There's something about waking up to sunshine, birds chirping, and warm air that puts many of us in a better mood. But why do we notice such a shift in our feelings and emotions when the seasons change? It turns out that there actually are scientific reasons you're happier in the summer; the warm weather and your sunny mood are no coincidence. It's rather common to feel more satisfied during the hotter, brighter months, and when this season gives way to the longer, darker days of winter (depending on where you live, of course), we'll once again experience a shift.
I personally noticed a huge change when I moved from Michigan to Las Vegas earlier in my 20s. In Michigan, rain is abundant. You're frequently stuck under a ceiling of gloomy clouds. Summers are short and winters are long, freezing, and downright brutal. There are days when it's too cold to be outside, and driving is pretty much impossible due to the snow. But upon arriving in the desert, where it almost always feels like summer and the air is hot and dry, I immediately picked up on something: People here seem happier.
So what is it about summer that puts us so at peace? Why are we so much happier this time of year? Here's what we know:
1. Our Sleeping Habits Change Due To Light Exposure
The number of hours of daytime and nighttime have been found to have an effect on how and when we sleep. One study compared Norway (a country with large seasonal variation) to Ghana (a country with little seasonal variation). During the summer months in Norway, not only did people go to bed earlier and wake up earlier, but the rates of insomnia and fatigue were noticeably lower than in the winter. These differences were not noted in Ghana.
2. Our Eating Habits Change In The Summer, Too
There are a couple of possible explanations for this one. One of the more simple reasons is that with the holidays of the winter seasons, certain types of foods are more abundant and frequent. But it goes deeper than that: It could actually come down to biology — our bodies' primitive instinct is to stockpile and store up for the winter months ahead. One study found that both our eating habits and our body weight change by season, with people consuming on average 86 more calories each day in the fall, compared to spring. Fall also brought more fatty foods than spring. None of this is to say that the foods we eat in the winter are "worse" than the foods we eat in the summer, by the way; they're just different, and they affect us in different ways.
3. Sunshine Can Be Great For Our Bodies
It goes without saying that there are very real, very scary risks associated with sun exposure, and that protecting yourself from harmful UV rays is tantamount. But sunlight is also quite vital to our health and happiness, and when you use it correctly, the benefits are significant. For instance, when you get sunlight, your body produces vitamin D from cholesterol, which helps your body absorb calcium. This is important for our bone health.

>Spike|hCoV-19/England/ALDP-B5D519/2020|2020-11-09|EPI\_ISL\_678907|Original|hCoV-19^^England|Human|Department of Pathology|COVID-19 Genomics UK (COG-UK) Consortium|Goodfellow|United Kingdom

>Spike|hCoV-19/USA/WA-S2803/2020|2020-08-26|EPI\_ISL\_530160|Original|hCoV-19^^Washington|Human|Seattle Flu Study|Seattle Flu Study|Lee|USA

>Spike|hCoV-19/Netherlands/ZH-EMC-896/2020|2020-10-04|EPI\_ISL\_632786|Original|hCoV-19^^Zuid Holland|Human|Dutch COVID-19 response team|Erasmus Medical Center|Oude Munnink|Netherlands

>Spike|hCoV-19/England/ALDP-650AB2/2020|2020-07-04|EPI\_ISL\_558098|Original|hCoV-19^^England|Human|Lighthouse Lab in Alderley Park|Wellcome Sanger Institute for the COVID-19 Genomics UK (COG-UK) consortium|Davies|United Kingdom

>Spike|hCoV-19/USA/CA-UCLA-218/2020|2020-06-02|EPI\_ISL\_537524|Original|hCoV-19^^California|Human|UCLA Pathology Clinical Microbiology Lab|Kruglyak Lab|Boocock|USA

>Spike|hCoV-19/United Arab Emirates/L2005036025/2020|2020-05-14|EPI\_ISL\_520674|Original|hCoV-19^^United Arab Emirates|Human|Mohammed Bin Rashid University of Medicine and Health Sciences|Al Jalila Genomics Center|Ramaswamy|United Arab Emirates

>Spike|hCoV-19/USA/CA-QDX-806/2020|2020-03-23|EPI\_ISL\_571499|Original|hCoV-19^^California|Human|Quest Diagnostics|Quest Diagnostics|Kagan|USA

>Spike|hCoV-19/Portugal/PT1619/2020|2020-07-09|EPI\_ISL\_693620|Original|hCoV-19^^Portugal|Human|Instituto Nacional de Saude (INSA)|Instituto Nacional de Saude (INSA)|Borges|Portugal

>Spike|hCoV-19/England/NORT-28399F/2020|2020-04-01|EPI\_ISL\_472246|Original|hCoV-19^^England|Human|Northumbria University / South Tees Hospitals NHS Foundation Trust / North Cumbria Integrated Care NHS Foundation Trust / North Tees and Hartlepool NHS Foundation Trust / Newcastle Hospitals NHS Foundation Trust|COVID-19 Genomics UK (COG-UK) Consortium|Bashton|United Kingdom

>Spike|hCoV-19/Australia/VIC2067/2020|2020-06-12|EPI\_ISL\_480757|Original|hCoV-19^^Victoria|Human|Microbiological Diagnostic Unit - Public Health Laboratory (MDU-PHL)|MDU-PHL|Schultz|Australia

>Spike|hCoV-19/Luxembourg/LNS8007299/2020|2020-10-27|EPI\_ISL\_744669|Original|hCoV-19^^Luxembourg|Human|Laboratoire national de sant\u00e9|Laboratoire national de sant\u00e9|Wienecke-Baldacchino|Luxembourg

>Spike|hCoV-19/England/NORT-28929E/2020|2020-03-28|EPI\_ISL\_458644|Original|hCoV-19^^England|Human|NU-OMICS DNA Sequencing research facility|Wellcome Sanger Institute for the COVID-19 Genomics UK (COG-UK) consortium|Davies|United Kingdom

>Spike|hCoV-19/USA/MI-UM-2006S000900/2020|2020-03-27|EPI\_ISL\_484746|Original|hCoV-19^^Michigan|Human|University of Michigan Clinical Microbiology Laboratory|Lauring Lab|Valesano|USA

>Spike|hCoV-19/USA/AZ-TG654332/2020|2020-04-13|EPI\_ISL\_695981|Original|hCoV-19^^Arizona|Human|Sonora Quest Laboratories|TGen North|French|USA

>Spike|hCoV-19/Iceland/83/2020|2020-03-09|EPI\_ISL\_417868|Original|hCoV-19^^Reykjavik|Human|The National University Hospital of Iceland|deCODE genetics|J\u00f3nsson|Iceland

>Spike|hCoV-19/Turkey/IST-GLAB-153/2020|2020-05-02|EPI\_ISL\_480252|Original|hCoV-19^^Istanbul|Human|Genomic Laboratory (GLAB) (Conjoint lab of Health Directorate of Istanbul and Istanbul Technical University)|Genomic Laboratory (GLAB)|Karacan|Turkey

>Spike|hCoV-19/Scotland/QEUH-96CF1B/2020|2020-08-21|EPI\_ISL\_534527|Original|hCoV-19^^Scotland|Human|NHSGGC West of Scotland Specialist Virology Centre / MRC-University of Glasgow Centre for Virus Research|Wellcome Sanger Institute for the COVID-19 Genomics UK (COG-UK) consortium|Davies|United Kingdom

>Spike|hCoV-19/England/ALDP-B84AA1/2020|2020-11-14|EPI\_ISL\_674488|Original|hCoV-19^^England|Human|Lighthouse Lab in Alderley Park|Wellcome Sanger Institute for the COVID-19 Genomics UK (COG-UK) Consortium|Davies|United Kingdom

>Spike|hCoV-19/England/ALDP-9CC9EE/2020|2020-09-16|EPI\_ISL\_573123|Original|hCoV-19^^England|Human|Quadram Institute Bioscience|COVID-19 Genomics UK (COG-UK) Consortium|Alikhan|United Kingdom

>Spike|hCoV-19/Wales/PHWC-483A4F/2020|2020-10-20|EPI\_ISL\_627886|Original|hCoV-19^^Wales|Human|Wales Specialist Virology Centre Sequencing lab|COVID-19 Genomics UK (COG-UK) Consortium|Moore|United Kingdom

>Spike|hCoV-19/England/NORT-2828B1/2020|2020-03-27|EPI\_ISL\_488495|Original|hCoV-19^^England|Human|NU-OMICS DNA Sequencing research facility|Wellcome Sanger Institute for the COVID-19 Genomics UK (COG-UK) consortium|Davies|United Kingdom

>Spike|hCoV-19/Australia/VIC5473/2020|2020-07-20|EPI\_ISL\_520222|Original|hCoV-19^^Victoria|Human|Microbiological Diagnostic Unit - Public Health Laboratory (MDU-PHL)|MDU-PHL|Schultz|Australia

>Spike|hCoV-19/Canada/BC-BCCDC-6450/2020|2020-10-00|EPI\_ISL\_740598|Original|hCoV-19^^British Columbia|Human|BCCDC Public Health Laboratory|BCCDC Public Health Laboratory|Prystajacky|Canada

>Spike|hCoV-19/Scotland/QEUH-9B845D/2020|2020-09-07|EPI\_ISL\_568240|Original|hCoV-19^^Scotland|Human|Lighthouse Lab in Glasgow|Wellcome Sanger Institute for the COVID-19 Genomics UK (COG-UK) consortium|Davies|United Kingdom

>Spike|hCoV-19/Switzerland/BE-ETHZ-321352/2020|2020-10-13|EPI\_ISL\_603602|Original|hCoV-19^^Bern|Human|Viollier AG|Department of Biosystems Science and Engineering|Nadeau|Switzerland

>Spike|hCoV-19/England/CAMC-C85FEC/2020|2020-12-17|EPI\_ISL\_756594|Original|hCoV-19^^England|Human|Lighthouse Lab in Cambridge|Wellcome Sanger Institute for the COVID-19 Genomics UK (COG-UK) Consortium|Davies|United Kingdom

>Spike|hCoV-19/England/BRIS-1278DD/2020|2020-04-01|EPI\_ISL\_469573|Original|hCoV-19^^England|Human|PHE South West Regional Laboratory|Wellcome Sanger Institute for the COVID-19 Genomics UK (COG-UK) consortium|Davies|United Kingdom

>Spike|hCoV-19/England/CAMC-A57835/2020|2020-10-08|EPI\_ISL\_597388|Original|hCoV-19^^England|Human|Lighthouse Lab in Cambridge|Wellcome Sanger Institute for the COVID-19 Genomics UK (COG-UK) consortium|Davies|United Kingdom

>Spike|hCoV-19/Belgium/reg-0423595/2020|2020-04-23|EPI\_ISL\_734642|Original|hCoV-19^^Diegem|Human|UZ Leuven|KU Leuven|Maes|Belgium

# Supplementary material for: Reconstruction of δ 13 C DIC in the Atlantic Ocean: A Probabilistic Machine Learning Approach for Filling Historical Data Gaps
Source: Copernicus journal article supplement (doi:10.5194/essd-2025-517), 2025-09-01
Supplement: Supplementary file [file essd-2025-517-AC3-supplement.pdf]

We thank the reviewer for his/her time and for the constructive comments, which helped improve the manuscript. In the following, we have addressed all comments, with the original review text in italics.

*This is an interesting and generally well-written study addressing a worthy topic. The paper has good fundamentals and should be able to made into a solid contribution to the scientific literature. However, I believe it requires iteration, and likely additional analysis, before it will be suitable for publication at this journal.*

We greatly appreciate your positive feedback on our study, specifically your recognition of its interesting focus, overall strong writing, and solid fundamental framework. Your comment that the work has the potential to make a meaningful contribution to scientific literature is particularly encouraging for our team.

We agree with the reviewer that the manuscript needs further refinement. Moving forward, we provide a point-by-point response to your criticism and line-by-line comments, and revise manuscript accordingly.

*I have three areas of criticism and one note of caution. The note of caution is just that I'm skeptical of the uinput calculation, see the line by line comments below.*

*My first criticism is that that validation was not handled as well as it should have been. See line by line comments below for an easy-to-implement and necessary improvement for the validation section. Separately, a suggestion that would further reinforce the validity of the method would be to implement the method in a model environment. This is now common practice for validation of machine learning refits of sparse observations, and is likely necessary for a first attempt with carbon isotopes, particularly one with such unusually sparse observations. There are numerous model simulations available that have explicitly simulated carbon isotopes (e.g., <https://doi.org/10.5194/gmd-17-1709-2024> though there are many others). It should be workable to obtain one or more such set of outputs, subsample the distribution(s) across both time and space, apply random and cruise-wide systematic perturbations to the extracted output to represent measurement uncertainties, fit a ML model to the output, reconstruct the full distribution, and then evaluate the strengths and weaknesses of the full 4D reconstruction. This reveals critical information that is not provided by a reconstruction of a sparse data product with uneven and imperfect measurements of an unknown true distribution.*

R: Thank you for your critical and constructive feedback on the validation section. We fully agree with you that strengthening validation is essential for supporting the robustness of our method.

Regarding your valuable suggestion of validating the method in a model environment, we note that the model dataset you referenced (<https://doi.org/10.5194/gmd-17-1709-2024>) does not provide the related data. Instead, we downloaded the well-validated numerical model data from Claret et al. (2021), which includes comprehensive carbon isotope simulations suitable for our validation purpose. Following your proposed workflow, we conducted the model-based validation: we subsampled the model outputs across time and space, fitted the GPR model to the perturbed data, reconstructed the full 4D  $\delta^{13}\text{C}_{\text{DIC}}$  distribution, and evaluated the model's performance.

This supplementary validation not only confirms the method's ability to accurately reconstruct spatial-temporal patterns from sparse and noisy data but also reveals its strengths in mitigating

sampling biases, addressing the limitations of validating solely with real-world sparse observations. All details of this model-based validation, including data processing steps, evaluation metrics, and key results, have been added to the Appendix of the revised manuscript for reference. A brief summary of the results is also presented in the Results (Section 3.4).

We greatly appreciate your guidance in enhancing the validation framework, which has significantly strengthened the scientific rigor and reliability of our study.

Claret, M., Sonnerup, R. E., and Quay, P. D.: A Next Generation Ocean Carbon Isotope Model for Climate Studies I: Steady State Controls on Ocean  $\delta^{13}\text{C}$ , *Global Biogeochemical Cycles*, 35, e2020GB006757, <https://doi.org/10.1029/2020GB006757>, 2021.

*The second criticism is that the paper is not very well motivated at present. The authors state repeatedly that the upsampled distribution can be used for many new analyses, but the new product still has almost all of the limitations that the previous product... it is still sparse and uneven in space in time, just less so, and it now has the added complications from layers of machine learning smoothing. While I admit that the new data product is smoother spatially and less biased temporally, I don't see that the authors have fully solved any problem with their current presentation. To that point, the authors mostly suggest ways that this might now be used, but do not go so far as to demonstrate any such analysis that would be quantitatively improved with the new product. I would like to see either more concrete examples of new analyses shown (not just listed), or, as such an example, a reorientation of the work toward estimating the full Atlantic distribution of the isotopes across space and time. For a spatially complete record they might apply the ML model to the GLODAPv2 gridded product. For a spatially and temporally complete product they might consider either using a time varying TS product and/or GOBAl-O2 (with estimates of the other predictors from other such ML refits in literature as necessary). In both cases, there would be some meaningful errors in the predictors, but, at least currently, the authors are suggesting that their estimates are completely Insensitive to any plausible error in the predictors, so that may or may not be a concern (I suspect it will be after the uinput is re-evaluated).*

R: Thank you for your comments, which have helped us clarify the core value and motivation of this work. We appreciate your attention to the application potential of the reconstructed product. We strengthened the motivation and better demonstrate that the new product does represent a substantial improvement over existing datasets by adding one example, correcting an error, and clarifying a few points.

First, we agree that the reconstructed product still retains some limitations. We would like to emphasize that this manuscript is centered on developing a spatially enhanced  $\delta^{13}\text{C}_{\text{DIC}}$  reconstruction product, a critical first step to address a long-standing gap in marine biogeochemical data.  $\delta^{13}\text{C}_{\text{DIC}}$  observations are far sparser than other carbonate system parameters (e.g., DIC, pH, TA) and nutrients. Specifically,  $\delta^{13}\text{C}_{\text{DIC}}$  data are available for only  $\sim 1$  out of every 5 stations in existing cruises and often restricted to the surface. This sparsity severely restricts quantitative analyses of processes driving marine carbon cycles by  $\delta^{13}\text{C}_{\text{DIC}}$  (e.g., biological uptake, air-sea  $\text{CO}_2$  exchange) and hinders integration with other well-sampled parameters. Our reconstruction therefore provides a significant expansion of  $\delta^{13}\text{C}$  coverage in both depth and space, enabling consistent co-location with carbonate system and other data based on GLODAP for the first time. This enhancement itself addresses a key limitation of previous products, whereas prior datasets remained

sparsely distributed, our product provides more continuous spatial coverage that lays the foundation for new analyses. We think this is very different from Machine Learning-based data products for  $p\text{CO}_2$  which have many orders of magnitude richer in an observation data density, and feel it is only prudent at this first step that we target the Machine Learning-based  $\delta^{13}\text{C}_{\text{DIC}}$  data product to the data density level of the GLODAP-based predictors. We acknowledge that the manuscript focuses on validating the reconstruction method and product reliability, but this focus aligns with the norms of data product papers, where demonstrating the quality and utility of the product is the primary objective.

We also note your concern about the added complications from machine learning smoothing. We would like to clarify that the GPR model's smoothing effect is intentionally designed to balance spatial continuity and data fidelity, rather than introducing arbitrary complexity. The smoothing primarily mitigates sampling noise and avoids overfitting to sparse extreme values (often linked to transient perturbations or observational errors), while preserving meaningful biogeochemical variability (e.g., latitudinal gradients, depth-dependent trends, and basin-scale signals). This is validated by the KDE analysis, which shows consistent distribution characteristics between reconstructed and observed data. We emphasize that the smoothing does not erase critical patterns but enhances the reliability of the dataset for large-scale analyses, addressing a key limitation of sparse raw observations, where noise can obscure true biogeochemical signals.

Additionally, studies have found a strong correlation between insufficient levels of vitamin D and higher chances of dying from heart disease or cancer, specifically breast and prostate. These studies found that vitamin D from the sun and food was far more essential than the vitamin D you can get with supplements. In fact, they found that there might not be any clear advantage to supplementing it at all.
And let's not forget Seasonal Affective Disorder, or SAD, a type of depression which is generally much more common in the winter than in the summer. A widely accepted solution to this depression is greater exposure to natural light. In fact, in cases where this is not really an option, doctors might prescribe phototherapy, which exposes patients to light that is similar to the sun.
This all but confirms for us that natural vitamin D — and thus, safe sunlight exposure (around 15 minutes for people with lighter skin tones and a little more for people with darker ones) — is a must. The problem is that as many as a billion people in the world are likely vitamin D deficient. Our lives are busy and hectic, but we have to find a way to get a little sunshine in our lives.
At the end of the day, much of this information has one common underlying theme: SAD. The length of daytime and nighttime, and our exposure to light have such an enormous effect on our biological clocks, levels of serotonin (which effects our mood), and levels of melatonin (which work with mood and sleep). It's easy to understand why summer is such a better time for many of us.
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